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1 Origins of Contemporary DNA Tumor Virus Research

T. Grodzicker, N. Hopkins


The evolution of unicellular organisms into multicellular organisms has demanded the emergence of very precise rules to govern both the spatial siting and the multiplication rates of their respective differentiated cells. A given specialized cell does not grow at any site in its multicellular host, but is restricted to have only certain cell types for its neighbors and to proliferate only upon receipt of a message signifying that more of its kind are needed for the orderly growth or maintenance of the complete organism. Given the existence of so many types of multicellular organisms, each with its unique patterns of differentiation, there are likely to exist many, many molecular pathways along which these signals are transmitted. Any of them in turn may fail and lead to one of the many abnormal forms of growth that collectively are called cancer.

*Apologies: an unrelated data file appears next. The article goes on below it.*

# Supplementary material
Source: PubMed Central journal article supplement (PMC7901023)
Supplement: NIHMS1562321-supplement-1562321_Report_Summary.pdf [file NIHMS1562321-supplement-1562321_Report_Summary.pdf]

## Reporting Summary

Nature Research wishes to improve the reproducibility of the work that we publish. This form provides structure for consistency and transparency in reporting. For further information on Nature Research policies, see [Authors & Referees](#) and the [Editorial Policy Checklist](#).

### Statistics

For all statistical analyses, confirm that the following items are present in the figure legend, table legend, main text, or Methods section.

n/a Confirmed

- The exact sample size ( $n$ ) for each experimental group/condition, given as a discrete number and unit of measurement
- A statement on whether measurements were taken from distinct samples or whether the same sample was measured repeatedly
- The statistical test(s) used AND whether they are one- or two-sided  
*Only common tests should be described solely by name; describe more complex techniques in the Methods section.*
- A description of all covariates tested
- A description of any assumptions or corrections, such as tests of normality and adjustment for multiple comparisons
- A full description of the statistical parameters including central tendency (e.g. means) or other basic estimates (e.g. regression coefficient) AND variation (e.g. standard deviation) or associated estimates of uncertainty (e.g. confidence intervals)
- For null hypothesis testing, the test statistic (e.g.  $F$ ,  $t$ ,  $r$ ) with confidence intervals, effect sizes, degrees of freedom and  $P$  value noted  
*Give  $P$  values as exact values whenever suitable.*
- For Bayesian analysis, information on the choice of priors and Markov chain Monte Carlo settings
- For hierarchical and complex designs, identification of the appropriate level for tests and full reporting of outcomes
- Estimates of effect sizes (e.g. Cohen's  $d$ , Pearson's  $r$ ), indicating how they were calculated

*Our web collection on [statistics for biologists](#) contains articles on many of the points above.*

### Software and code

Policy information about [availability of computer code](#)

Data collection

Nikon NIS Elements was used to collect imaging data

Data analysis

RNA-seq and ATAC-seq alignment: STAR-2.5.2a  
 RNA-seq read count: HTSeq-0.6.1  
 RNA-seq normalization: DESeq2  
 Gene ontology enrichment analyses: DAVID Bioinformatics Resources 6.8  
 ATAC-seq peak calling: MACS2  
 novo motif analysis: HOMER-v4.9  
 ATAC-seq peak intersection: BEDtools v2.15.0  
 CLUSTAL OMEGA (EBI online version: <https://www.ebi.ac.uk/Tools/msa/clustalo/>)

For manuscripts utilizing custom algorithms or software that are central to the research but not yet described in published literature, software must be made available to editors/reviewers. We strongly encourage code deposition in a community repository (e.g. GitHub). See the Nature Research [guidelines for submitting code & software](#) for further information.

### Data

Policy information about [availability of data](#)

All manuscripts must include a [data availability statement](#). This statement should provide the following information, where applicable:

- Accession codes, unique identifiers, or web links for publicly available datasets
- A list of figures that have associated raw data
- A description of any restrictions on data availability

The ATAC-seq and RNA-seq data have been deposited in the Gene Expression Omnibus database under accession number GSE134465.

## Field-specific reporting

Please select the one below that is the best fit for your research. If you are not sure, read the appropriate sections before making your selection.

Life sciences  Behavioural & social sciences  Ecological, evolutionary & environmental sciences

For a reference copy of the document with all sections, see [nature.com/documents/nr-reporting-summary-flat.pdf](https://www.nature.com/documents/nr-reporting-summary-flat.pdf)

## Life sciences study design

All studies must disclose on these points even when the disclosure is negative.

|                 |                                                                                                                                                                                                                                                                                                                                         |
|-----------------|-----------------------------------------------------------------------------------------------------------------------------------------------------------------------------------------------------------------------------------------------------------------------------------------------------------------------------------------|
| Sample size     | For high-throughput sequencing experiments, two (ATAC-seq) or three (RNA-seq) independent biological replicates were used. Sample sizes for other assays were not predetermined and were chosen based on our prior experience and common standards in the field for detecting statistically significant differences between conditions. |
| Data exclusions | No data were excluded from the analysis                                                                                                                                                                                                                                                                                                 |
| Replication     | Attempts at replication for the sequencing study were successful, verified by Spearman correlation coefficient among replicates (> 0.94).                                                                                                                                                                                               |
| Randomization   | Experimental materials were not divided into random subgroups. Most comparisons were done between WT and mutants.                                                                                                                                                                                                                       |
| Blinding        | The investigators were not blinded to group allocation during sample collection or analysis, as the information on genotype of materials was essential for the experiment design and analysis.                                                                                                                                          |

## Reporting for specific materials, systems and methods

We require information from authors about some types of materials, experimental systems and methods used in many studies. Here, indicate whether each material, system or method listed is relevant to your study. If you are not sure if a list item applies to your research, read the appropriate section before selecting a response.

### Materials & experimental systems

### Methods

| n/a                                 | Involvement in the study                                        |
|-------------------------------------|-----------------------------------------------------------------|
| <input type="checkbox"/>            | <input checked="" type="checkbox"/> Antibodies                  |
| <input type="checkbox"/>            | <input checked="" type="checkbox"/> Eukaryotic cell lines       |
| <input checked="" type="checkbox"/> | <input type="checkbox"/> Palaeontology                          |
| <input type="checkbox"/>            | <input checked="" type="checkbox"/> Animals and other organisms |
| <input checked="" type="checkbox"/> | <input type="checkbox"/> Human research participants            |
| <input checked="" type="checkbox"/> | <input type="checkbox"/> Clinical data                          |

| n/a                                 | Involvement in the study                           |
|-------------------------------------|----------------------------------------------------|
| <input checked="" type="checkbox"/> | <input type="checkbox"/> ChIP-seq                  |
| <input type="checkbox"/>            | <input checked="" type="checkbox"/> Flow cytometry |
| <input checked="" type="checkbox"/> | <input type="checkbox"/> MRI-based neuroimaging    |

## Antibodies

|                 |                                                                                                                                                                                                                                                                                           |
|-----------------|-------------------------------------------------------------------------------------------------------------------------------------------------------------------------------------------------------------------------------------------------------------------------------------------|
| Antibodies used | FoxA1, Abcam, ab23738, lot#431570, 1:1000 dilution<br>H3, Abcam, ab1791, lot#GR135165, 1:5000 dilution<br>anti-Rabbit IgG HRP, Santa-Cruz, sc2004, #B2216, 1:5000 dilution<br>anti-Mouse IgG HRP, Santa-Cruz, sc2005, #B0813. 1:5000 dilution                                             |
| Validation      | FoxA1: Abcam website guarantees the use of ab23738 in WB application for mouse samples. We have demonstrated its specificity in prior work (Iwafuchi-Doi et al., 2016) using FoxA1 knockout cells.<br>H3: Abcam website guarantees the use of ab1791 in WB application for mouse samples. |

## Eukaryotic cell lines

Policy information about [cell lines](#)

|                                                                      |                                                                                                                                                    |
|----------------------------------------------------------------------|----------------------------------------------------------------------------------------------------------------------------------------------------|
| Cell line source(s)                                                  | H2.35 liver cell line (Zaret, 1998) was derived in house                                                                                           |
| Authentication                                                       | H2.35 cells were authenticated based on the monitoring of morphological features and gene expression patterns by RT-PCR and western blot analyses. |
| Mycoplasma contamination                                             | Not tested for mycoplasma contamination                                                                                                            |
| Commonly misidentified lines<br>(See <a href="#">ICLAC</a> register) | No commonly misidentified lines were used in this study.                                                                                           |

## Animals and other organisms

Cancer is therefore not a unitary category, but a wide (to some, hopelessly wide) collection of different abnormal conditions, each displaying its own specific properties. In thinking about how to study cancer, most investigators quickly see the need to distinguish the property of excessive cell division from the property of abnormal cellular affinities. The quality of uncontrolled growth is what leads to the localized masses of single cell types often referred to as tumors. When these tumors grow only at the sites of origin, they do not necessarily upset the functioning of their host and frequently are called benign tumors. However, when a cell that has lost...

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